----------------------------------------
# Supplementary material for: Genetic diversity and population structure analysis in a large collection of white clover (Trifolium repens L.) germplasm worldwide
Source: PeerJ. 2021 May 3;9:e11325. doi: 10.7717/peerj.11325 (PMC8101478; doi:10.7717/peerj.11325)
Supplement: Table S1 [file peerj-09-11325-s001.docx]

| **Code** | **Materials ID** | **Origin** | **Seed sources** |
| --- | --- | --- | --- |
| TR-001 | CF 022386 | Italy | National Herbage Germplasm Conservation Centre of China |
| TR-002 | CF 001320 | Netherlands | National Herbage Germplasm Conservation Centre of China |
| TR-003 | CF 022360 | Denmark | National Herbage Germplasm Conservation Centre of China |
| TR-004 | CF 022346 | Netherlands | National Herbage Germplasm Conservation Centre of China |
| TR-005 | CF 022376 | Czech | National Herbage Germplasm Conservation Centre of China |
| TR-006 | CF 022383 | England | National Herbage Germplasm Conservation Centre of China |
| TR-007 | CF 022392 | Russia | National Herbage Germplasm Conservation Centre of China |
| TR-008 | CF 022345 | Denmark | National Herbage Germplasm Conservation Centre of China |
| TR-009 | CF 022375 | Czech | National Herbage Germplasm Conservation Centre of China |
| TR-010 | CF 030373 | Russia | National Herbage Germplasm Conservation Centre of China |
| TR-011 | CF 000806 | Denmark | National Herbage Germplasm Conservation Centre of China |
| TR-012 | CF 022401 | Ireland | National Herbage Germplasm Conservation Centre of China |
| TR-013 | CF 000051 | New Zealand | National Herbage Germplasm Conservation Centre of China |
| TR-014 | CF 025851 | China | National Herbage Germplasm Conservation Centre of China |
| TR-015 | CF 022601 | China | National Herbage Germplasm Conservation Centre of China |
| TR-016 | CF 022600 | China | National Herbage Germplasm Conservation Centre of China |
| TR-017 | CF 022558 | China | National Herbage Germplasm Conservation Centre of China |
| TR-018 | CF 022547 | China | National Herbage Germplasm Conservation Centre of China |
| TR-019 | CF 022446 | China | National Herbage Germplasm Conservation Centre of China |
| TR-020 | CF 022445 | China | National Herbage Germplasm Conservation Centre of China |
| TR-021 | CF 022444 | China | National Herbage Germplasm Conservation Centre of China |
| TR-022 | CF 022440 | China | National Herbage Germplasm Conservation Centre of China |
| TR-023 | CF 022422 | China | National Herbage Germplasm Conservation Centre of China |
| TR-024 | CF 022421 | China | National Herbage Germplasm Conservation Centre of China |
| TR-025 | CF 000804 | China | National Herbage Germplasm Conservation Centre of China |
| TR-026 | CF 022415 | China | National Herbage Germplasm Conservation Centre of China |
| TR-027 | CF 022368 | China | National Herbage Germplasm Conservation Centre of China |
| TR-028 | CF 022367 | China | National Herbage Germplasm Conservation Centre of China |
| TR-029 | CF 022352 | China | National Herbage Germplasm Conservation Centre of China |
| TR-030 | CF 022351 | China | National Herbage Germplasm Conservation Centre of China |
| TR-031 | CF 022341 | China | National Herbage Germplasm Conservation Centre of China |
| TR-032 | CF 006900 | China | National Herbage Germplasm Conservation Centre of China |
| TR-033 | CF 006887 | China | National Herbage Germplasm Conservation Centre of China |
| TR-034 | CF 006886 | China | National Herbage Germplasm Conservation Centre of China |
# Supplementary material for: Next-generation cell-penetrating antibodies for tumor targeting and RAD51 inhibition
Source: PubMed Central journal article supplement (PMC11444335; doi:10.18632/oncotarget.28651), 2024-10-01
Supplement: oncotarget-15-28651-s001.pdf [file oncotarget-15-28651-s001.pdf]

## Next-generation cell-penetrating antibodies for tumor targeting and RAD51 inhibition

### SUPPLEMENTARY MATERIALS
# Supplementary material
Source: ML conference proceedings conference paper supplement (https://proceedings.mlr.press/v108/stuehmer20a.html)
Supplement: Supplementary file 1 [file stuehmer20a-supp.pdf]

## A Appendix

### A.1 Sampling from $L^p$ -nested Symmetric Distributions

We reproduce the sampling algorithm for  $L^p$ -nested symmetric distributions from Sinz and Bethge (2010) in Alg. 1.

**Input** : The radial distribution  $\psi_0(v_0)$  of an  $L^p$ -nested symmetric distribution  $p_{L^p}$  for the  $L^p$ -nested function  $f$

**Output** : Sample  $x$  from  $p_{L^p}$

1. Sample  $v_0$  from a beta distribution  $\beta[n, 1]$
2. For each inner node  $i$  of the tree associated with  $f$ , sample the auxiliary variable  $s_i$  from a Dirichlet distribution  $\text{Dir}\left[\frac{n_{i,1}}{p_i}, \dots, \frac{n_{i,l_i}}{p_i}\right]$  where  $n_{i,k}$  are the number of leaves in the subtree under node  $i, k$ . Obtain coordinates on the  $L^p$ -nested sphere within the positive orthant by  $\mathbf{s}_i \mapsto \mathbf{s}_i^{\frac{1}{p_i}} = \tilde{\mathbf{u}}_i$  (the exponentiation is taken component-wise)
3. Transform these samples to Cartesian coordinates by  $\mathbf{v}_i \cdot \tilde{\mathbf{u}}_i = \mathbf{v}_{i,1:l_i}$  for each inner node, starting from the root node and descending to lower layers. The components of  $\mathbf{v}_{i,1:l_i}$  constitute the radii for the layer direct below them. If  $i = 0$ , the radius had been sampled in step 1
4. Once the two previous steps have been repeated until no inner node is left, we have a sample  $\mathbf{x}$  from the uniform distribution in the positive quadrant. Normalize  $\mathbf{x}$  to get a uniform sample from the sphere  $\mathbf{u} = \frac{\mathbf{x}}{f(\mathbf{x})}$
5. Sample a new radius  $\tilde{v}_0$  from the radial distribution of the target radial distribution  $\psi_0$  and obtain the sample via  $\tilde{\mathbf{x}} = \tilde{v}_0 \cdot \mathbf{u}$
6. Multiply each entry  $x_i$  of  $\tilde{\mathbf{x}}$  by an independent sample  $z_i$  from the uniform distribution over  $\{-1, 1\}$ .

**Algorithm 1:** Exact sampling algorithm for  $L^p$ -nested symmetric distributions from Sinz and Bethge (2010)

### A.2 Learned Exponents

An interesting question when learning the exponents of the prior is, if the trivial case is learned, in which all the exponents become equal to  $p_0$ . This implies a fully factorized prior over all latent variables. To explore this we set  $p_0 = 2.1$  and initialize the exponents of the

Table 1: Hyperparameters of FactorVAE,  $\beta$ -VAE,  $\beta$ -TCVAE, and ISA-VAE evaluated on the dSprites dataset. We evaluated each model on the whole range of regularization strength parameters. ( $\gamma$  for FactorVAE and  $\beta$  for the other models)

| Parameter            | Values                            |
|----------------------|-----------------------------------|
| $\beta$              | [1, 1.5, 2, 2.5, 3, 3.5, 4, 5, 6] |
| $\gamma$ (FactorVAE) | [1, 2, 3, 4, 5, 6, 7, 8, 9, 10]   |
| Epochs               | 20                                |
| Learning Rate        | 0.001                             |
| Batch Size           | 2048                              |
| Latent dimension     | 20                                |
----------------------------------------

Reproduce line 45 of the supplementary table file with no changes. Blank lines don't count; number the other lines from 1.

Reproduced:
# Supplementary material